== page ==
On the CIEP forums, we recently asked members if they’d like to share their crafting skills, and had a fabulous response – this is Part 1 of our crafty editors series!
Here is Pugin, my firescreen.
I saw a beautiful glass peacock firescreen. I loved it, but it was far too small and delicate for my fireplace, and very expensive. It got me thinking that I could make something three dimensional, so I didn’t need the traditional frame to make it stand upright. Apart from the peacock blue felt, he was made from various scraps, in different techniques so I didn’t get bored or run out of a material I couldn’t find again. There’s knitting, patchwork, quilting, drawn thread work, crewel embroidery, ribbon weaving, needle lace, felting, machine embroidery, and even a bit of fair trade raffia. You wouldn’t believe how many people have asked me why I don’t call him Penelope. Because he is a peacock. Ah!
I studied fine art at Loughborough University and graduated in 2001 with a BA in painting. Since then, I’ve continued to draw and paint as a hobby. I find it helps me zone out and relax. Due to space constraints, these days I keep it fairly small. This piece is in watercolour pencils and ink. I enjoy working in a wide range of media, but I always keep things mainly in two dimensions. I’ve recently started experimenting with ProCreate Pocket on my iPhone, which is opening up new avenues to me.
I make lace, mainly bookmarks because they are relatively simple to do and still work even if the lace is not 100% perfect. I find it therapeutic as it is not that complicated to do but does require total concentration. Part of the pleasure also comes from using my grandmother’s bobbins. I hope to add a lace bookmark to the raffle at the 2021 CIEP conference.
I enjoy making botanical contact prints (sometimes known as ecoprints), mostly using leaves from my garden, or collected while on a walk. It’s a very personal way of making a permanent record of a moment in time. I generally print on protein fibres (silk, wool), which take prints well; cellulose fibres (cotton, linen, bamboo, etc.), including paper, can be trickier. The photos show two examples of printing on silk. The technique has great potential for upcycling favourite old garments that need a new look, and I’m working on incorporating prints into conventional garments (such as on a silk lining for a jacket).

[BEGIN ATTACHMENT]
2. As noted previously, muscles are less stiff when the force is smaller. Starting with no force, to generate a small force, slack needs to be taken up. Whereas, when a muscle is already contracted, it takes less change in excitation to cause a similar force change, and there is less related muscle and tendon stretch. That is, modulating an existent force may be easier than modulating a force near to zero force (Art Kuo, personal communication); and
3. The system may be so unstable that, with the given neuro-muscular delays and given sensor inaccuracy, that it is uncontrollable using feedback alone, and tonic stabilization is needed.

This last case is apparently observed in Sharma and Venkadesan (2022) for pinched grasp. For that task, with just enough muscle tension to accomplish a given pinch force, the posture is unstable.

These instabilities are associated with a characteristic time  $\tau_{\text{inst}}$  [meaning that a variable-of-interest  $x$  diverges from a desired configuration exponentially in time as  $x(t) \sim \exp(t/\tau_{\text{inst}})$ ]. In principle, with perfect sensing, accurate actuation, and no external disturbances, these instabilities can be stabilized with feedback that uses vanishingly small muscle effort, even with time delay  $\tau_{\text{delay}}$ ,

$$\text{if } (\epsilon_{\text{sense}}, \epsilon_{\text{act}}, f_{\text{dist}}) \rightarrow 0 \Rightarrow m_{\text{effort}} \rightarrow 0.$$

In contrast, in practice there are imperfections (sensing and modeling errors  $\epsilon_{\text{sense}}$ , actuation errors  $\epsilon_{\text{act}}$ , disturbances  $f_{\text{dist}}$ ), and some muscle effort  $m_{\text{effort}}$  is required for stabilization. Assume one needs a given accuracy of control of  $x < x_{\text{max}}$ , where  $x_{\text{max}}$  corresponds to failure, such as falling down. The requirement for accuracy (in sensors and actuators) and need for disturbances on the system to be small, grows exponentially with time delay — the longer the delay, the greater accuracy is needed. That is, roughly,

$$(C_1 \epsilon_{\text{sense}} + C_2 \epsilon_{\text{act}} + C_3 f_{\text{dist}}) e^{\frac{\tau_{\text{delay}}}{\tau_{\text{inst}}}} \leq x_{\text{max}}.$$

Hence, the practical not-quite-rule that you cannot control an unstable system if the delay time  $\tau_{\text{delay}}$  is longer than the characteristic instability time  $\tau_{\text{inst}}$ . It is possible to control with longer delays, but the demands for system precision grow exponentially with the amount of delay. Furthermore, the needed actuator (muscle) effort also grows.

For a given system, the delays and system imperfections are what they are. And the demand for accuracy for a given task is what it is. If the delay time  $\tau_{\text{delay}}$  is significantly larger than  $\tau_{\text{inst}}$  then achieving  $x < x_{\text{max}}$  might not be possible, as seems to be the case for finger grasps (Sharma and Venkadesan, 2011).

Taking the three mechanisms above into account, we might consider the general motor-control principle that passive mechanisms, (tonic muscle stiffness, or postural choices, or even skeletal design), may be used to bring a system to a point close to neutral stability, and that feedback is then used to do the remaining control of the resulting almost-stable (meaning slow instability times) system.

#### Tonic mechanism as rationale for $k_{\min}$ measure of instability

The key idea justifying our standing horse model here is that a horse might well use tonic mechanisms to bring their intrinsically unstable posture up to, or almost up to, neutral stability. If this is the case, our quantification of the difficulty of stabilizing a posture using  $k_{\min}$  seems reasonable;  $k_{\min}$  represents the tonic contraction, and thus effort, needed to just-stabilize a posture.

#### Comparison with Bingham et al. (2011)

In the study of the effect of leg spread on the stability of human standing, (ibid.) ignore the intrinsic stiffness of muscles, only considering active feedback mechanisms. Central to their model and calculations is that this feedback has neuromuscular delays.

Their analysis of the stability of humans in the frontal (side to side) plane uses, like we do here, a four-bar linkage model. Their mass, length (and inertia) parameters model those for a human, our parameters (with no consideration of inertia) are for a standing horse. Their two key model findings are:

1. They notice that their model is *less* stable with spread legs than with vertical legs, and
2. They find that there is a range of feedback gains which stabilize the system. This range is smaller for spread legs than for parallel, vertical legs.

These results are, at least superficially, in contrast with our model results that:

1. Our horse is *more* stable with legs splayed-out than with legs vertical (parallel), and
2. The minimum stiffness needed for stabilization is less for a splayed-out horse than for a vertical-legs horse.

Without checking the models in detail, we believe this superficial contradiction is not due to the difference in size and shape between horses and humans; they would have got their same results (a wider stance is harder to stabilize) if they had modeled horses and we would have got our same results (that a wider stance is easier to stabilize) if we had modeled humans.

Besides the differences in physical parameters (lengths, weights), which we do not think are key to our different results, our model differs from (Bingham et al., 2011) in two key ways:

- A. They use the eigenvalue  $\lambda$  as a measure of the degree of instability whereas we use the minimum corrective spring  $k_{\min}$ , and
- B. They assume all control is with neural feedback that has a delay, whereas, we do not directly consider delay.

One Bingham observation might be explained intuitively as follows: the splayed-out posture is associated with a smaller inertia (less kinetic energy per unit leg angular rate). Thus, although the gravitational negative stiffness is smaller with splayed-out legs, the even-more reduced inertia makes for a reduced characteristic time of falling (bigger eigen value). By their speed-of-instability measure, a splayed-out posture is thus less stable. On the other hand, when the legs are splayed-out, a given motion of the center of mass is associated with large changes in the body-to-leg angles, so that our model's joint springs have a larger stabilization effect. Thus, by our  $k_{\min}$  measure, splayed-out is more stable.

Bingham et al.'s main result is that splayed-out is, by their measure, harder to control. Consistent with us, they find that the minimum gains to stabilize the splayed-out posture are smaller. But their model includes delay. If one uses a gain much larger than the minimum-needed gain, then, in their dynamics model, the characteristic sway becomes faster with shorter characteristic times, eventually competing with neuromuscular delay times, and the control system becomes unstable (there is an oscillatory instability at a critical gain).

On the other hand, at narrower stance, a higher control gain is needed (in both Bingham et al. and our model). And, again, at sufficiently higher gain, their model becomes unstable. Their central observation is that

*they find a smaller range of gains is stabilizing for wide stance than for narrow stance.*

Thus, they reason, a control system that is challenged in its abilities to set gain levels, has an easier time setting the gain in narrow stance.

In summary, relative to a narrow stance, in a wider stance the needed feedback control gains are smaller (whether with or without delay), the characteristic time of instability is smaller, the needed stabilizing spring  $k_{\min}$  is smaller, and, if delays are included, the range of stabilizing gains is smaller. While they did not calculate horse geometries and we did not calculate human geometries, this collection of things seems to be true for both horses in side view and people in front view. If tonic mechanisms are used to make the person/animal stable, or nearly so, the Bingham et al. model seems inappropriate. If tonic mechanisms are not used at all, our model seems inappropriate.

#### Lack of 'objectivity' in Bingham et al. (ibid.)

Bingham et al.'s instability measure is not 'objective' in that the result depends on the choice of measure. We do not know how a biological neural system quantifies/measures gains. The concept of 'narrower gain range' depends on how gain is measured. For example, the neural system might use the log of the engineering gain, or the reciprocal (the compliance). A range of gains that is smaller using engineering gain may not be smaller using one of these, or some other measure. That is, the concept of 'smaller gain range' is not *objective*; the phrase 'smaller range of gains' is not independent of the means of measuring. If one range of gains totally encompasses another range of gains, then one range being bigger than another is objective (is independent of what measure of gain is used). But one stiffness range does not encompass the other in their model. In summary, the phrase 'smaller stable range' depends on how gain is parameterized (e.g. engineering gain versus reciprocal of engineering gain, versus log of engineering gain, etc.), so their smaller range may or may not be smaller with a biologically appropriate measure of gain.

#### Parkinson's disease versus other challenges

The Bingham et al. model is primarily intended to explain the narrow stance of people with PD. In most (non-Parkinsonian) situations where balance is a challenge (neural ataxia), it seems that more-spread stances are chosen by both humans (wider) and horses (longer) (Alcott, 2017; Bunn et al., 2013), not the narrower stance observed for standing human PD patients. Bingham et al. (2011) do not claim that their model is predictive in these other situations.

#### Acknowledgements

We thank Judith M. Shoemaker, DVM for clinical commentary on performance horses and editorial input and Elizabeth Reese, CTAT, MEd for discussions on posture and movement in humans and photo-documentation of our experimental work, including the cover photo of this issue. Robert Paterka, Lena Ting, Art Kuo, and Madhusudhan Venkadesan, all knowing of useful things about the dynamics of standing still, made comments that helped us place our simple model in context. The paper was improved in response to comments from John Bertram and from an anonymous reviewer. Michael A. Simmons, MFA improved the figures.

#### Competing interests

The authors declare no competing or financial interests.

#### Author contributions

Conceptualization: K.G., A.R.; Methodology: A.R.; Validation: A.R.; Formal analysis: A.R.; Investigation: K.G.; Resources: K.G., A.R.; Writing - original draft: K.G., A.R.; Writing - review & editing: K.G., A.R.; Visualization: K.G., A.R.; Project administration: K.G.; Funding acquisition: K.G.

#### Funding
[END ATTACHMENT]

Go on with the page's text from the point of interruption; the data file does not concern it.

One of the attractions of the technique is that each print is unique: the result of printing a leaf from an individual tree may vary, depending upon the season, and if weather conditions change. It’s encouraging that even the most experienced printers get unexpected results!
In my spare time, I produce abstract works on canvas using natural coloured mica pigments mixed with resin and hardener. The resin sets to a hard clear vitreous finish, giving interesting light-diffracting qualities to the pigments on the canvas. I use a mixture of techniques to add and disperse the pigments and resin across the canvas and to introduce cells and lacing effects.
Proofread by Joanne Heath, Professional Member.
The views expressed here do not necessarily reflect those of the CIEP.